The Knowledge Base Assumption
Symbolic data can be organized into a knowledge base—written in a representation language and allowing computers to infer conclusions from available information. E.g. Chair: is made of Wood, is used for Sitting On. Wood: comes from Tree.

A knowledge base could be created that would reprsent the entirety of human understanding. However, when AI researchers develop knowledge bases, they generally focus on some particular domain, such as the domain of furniture, animals, restaurants and so forth.

Examples of representation languages include predicate calculus and the computer programming language LISP.

A knowledge base representing the domain of furniture should, for example, support the inference that a chair is something people sit on.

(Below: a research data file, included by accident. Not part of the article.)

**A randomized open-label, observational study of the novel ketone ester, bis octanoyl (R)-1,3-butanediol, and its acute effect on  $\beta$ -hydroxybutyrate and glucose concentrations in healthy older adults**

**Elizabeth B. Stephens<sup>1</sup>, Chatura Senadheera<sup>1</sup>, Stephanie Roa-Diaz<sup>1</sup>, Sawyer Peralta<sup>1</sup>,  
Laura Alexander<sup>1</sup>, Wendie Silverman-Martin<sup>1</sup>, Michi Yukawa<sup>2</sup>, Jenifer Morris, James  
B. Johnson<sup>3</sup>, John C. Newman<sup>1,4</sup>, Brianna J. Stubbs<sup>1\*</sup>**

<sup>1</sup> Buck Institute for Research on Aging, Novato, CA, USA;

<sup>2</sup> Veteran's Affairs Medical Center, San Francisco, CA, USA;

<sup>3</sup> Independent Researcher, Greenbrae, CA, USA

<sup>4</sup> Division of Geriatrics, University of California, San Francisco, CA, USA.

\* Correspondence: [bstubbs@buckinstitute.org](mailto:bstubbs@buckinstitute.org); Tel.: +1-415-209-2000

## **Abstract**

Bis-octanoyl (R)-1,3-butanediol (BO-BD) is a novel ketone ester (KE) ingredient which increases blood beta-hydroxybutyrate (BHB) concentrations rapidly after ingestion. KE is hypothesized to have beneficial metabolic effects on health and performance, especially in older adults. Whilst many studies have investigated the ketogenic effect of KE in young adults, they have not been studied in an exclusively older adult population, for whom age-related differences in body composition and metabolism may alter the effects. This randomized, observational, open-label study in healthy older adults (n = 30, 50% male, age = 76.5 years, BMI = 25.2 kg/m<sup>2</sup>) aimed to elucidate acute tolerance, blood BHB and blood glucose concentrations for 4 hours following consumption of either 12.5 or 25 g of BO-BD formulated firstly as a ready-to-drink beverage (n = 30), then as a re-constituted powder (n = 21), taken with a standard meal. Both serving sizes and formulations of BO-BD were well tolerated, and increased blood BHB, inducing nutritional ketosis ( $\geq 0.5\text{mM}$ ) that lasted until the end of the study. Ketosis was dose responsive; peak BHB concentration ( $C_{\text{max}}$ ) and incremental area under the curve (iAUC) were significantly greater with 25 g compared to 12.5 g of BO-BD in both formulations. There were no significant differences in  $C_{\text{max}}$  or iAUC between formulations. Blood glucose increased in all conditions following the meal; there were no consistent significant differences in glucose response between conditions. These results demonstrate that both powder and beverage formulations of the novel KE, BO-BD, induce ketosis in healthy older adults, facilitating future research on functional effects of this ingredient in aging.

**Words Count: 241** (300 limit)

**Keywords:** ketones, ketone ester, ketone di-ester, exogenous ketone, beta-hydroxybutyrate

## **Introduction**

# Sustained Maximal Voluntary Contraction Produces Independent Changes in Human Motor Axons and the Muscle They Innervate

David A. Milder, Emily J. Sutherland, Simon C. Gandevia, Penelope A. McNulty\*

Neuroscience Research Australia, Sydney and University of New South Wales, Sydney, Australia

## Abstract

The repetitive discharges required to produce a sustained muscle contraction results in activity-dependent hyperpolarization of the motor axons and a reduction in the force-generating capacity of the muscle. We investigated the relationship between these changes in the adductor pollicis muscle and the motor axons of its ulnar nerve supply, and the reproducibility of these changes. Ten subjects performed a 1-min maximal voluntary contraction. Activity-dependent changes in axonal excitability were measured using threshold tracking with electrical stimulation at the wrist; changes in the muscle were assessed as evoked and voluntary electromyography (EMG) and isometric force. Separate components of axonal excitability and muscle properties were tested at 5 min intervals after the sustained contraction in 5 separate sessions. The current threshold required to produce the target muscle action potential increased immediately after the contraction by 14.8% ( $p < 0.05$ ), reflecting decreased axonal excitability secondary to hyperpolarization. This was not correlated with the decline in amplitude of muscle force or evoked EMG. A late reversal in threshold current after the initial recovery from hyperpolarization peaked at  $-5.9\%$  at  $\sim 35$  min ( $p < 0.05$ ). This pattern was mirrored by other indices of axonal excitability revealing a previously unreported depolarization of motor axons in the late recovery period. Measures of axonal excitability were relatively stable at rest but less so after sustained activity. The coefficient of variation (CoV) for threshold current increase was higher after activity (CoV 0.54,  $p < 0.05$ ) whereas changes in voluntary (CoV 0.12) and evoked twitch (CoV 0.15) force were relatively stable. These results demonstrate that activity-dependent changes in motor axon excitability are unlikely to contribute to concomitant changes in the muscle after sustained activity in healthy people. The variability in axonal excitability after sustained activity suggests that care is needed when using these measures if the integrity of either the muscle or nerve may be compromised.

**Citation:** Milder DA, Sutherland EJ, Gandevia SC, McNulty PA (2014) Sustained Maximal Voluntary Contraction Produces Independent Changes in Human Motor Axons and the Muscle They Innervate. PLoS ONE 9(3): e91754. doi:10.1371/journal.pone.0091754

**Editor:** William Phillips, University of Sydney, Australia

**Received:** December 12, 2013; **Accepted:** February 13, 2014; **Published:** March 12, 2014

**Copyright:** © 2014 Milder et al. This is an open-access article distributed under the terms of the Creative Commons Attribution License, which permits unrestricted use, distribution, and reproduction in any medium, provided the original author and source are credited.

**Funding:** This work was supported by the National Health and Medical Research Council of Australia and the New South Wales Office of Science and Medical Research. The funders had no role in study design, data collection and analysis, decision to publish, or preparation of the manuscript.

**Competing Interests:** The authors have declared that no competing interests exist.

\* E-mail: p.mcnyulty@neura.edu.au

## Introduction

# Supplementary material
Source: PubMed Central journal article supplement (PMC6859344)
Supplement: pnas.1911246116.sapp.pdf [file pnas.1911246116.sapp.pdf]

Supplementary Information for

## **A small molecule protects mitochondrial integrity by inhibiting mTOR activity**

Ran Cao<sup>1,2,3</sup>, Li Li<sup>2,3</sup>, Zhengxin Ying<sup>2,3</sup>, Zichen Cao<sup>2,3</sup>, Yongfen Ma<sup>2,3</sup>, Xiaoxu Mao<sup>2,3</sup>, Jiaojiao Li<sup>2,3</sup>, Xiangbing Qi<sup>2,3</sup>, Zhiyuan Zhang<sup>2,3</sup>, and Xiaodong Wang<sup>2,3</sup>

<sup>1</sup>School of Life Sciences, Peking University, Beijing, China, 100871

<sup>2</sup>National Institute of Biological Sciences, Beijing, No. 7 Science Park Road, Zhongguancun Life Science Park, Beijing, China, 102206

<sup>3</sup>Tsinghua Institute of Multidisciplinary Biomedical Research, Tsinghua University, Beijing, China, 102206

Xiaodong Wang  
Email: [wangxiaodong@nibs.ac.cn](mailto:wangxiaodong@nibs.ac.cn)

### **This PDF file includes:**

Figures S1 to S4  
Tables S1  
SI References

Artificial Intelligence »Artificial Intelligence
Can computers think? [1] »Can computers think? [1]
Yes: physical symbol systems can think [3] »Yes: physical symbol systems can think [3]
The Knowledge Base Assumption
Combinatorial explosion of knowledge »Combinatorial explosion of knowledge
Domain aggregation doesn't give commonsense »Domain aggregation doesn't give commonsense
Creative discoveries restructure knowledge »Creative discoveries restructure knowledge
Predicate calculus can't capture human reasoning »Predicate calculus can't capture human reasoning
The frame problem »The frame problem
The problem of commonsense knowledge »The problem of commonsense knowledge
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